Facts About the Appalachian Trail

Facts About the Appalachian TrailIt might not be the longest hiking trail in North America anymore, but the Appalachian Trail is still the most popular and the most famous. Started by Benton MacKaye in the 1920s, the Trail is an internationally famous foot challenge, drawing hikers from around the world. Day hikers come out from all around the Eastern U.S. to tackle small pieces of it, and every spring "thru hikers" set out from the southern terminus in Georgia to trek the entire length of the Trail. The Appalachian Trail stands as one of the great walks in the world.


The Appalachian Trail's trailheads are in Mount Katahdin, Maine and Springer Mountain, Georgia. It runs for 2,175 miles and passes through 12 different states. From its terminus in Maine, the Trail links into a Canadian extension. The Canadian trail is called the International Appalachian Trail.  Most of the Trail stays below 3,000 feet, with the highest point being the 6,643-foot-high Clingman's Dome in Tennessee.

The Hikers

While it is common to do only parts of the Appalachian Trail, there are hikers who do the trail all at once. Some stitch parts of the Trail together over time, with the eventual intention of hiking the entire Trail. The speed record for the Trail as of 2017 was set by Karl Meltzer in 2016. Meltzer started the quest at the top of Mount Katahdin in Maine. He ran an average of about 48 miles per day to reach the end of the 2,190-mile trail at Springer Mountain in Georgia. It took 45 days, 22 hours, and 38 minutes.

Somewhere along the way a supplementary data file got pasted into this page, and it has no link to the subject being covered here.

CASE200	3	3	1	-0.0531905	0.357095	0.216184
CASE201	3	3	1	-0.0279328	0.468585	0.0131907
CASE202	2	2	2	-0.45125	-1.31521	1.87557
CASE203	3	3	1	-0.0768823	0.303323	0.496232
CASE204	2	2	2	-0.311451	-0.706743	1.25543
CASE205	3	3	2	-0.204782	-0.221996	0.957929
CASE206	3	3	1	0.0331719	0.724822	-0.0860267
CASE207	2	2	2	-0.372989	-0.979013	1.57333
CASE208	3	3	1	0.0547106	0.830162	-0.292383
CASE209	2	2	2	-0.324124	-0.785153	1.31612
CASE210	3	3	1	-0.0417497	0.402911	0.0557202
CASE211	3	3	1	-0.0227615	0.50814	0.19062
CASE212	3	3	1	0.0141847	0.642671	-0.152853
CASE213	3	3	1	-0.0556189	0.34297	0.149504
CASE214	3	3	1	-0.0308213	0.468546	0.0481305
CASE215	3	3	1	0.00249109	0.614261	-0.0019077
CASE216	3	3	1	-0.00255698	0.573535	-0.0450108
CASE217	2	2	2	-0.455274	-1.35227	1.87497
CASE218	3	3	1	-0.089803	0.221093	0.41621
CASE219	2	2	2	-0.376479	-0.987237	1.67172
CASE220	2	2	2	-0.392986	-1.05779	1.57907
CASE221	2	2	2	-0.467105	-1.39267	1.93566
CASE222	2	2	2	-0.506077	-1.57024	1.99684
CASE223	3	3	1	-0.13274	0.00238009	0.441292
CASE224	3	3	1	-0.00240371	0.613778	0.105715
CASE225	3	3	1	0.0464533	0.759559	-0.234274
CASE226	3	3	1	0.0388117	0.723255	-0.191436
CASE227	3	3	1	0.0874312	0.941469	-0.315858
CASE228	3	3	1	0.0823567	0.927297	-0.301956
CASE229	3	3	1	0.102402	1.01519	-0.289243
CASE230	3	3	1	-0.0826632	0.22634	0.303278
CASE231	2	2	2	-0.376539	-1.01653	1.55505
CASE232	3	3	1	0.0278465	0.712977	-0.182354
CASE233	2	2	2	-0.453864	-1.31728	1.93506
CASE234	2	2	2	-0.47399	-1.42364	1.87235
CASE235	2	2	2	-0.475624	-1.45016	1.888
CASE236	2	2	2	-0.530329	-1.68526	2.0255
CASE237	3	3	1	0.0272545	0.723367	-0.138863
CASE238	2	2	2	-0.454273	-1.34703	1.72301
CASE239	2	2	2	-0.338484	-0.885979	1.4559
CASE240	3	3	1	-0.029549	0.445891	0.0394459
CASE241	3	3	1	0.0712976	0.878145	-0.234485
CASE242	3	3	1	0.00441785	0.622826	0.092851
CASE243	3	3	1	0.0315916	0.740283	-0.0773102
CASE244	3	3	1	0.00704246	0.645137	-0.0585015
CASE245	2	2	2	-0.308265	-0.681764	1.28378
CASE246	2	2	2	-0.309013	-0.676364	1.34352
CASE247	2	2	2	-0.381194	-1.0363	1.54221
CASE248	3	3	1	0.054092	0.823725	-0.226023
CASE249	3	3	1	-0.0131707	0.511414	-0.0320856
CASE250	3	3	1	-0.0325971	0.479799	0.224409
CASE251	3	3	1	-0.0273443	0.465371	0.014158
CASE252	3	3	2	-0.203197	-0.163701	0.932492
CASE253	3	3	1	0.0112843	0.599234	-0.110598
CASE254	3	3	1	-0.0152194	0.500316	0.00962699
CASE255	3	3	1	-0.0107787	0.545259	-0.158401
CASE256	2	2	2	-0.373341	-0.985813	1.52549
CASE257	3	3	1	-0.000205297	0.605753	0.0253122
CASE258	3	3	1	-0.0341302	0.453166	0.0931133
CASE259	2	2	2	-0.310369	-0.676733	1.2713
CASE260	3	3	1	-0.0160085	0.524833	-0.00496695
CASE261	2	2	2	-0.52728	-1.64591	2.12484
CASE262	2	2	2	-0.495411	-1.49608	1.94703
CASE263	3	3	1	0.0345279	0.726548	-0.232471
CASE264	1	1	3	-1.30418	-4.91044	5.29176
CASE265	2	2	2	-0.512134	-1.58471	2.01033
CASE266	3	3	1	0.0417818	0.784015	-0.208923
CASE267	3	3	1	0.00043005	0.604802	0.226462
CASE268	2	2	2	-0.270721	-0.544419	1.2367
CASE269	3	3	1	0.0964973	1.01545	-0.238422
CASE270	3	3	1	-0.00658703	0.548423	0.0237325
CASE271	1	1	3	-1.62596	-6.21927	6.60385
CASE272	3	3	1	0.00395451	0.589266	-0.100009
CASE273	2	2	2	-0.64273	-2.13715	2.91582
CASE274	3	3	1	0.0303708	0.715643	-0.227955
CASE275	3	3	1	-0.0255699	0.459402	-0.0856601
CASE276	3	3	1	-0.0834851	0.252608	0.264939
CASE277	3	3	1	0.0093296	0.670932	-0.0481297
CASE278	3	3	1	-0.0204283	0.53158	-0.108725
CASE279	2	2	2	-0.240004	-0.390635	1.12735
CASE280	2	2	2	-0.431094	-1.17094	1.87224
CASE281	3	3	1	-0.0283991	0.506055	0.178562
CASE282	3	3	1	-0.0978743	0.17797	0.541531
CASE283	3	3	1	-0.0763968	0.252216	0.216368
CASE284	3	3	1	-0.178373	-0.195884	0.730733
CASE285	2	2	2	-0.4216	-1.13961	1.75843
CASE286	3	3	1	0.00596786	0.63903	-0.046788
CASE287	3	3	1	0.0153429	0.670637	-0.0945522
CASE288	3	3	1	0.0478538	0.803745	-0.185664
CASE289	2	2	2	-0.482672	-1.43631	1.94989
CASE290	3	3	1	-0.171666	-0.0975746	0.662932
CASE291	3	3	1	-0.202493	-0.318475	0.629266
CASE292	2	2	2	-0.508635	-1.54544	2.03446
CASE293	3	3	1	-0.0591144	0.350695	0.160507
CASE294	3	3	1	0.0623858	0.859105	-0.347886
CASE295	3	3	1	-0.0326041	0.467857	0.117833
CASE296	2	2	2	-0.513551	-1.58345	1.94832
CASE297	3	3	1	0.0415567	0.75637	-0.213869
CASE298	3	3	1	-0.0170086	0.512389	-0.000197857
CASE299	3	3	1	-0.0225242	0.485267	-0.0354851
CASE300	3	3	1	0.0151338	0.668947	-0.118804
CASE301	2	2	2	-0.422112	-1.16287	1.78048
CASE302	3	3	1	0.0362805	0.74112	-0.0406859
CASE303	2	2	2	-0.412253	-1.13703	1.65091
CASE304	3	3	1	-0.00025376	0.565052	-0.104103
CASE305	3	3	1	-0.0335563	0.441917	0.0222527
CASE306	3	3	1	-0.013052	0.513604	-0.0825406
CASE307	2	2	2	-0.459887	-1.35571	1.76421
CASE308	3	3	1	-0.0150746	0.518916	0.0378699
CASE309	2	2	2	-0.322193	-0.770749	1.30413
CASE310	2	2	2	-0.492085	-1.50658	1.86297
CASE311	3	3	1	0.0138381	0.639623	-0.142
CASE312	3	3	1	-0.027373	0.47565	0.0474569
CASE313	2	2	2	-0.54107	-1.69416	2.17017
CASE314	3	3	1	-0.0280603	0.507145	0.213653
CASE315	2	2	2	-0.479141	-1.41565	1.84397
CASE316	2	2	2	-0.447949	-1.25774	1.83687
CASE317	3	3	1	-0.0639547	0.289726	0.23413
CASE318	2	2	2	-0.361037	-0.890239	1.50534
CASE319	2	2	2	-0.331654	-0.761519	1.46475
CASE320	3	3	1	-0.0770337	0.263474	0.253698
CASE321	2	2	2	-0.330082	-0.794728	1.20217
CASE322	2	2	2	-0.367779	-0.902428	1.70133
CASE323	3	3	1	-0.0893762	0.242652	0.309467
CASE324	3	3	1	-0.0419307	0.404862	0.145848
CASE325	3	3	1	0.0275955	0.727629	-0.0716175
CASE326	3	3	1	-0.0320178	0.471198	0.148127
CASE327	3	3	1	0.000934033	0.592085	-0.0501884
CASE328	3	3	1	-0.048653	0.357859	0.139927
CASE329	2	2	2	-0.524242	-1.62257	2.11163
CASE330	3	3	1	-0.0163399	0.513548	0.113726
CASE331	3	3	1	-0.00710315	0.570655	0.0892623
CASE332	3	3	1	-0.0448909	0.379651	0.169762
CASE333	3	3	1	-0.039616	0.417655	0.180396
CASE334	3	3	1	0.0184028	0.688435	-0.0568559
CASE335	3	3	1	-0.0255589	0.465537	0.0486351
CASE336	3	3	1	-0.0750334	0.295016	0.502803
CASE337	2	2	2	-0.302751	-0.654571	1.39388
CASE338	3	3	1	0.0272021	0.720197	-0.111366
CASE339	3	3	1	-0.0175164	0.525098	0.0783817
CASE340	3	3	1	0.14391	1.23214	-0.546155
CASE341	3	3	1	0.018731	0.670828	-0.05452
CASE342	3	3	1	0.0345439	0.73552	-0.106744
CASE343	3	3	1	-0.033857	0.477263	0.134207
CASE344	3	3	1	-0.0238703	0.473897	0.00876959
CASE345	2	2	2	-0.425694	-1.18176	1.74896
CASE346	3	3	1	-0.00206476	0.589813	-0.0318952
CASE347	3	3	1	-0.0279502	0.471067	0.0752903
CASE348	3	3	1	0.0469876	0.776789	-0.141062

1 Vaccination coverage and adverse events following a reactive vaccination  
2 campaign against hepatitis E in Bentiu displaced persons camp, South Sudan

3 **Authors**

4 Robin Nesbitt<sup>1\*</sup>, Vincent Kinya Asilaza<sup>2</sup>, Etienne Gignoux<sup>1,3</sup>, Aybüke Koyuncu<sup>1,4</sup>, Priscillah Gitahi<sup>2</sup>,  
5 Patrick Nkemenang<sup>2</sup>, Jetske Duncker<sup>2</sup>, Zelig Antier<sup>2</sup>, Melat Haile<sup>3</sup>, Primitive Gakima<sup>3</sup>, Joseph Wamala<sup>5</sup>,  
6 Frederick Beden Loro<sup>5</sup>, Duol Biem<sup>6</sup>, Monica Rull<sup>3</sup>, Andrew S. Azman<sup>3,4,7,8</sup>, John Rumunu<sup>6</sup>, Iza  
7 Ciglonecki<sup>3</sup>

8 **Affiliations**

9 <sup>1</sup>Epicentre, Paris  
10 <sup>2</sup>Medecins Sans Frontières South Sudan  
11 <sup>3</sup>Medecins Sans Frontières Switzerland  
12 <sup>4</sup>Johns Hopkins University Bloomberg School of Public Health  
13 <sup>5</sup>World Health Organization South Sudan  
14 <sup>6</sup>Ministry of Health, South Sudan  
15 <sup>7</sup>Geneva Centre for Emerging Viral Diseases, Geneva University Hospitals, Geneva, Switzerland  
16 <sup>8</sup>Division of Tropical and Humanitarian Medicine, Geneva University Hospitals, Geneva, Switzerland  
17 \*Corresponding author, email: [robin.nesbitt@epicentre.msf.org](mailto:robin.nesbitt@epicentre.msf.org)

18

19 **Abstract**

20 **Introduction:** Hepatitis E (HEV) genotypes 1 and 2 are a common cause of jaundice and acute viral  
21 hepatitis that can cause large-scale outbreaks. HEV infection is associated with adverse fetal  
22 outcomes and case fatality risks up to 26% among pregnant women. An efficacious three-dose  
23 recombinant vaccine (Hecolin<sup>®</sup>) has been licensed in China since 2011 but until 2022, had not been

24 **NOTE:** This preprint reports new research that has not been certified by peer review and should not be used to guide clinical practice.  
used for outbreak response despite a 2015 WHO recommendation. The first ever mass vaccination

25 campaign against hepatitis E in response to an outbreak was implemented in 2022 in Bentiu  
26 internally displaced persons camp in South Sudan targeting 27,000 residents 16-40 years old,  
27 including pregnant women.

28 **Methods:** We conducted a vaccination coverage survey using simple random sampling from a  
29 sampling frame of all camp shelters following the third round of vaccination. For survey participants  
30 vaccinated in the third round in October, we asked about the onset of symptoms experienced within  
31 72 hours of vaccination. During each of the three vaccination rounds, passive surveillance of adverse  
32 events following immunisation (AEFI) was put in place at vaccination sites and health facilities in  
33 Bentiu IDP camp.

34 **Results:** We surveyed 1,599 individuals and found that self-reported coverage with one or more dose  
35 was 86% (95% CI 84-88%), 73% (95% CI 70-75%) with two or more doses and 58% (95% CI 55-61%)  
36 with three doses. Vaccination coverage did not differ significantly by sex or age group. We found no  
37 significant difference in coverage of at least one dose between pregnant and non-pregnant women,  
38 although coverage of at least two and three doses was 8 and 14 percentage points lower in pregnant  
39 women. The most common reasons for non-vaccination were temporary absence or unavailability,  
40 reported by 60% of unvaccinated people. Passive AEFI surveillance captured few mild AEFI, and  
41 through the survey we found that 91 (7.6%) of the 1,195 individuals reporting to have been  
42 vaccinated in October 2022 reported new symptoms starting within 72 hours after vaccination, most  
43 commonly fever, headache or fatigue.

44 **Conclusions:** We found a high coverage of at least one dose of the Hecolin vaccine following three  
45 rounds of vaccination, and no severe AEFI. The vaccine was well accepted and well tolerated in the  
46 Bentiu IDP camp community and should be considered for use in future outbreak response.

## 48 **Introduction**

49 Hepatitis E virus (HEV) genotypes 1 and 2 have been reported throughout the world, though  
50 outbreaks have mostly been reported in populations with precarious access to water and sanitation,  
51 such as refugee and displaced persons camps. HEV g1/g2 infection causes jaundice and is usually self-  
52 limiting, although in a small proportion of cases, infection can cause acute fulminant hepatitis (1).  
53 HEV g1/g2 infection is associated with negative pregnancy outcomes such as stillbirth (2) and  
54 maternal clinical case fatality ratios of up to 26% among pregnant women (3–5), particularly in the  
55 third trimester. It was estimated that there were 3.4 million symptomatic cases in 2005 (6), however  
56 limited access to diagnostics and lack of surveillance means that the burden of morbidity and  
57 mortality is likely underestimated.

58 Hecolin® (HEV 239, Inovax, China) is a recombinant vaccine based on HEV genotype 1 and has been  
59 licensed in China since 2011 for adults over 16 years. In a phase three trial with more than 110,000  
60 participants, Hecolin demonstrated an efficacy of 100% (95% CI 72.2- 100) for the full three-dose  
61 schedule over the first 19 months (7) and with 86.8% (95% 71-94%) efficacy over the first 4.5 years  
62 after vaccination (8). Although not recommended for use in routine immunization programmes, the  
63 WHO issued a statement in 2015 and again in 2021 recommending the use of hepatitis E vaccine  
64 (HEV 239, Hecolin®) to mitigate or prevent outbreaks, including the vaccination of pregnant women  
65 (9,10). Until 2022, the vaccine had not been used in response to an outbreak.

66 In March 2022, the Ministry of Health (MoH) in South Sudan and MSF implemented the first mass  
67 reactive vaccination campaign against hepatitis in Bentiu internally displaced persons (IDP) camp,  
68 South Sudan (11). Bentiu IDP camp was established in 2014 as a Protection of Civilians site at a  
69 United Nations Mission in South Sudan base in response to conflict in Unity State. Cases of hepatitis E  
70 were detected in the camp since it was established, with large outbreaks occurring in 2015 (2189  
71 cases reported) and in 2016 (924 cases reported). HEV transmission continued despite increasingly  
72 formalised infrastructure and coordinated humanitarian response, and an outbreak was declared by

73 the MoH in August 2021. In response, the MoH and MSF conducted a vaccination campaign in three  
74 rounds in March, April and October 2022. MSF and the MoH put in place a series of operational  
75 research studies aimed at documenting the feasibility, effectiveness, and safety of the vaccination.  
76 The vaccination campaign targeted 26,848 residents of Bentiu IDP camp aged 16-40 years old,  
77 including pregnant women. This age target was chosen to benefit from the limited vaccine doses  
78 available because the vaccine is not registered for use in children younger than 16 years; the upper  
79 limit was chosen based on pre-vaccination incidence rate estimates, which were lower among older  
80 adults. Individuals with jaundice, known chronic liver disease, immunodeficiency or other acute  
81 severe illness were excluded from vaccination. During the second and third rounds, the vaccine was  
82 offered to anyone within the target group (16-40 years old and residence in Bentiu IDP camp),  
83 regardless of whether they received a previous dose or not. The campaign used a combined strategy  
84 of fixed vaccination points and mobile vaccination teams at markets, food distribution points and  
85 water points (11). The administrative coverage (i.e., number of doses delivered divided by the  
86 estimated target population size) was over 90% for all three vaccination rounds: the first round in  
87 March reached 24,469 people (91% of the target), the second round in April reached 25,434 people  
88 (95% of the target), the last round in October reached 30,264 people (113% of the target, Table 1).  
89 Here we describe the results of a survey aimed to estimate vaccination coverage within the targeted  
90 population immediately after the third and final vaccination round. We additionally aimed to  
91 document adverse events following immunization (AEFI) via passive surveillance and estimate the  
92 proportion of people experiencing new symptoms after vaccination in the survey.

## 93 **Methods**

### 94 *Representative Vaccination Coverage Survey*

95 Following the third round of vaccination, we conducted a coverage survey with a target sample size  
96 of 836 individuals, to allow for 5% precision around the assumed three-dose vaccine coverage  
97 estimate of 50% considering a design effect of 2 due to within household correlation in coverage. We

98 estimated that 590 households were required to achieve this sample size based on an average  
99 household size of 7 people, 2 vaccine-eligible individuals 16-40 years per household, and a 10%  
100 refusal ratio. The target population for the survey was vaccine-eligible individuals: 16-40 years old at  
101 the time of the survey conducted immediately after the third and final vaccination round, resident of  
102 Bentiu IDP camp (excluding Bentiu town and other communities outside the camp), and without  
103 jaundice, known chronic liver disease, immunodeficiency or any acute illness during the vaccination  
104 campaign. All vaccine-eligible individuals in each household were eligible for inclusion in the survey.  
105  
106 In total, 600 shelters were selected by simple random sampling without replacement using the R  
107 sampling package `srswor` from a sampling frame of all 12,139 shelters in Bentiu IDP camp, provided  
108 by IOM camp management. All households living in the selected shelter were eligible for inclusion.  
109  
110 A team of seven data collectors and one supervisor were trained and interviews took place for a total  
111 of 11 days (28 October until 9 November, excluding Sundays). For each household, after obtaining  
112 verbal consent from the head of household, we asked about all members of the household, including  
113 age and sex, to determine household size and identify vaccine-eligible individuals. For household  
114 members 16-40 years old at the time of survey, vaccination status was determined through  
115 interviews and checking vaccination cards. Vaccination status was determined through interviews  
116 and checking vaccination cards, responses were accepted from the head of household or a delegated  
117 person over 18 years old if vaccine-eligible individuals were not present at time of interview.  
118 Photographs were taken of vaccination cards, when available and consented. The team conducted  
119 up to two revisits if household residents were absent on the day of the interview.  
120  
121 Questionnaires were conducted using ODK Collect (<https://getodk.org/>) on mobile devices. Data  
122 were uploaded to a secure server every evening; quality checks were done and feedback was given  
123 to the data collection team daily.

The Trail Features

The trail is marked by 2 inch by 6 inch white blazes. In addition to passing through towns occasionally along the route, there are over 250 shelters and campgrounds along the way. These are usually simple wooden shacks with a wood floor, privy, water source and little or no furniture. The trail shelters, as well as some of the trail, are maintained by local volunteer groups.


Timber Rattlesnake

The Appalachian Trail's wildlife will vary widely with the changing conditions, as it moves from South to North. The only potentially dangerous animals that may be encountered on the trail are the American Black Bear, the Eastern Timber Rattlesnake, and the Copperhead. The latter two are poisonous snakes, and of all three the Copperhead is the only truly aggressive animal, and therefore the one most likely to prove truly threatening. Another health threat is posed by woodland ticks and Lyme Disease.

The Trail's Cousins

The Appalachian Trail is part of the Triple Crown of long-distance hiking in the United States. The other two trails are the Continental Divide Trail and the Pacific Crest Trail. Both of these trails are longer, but the Appalachian Trail remains the most famous.

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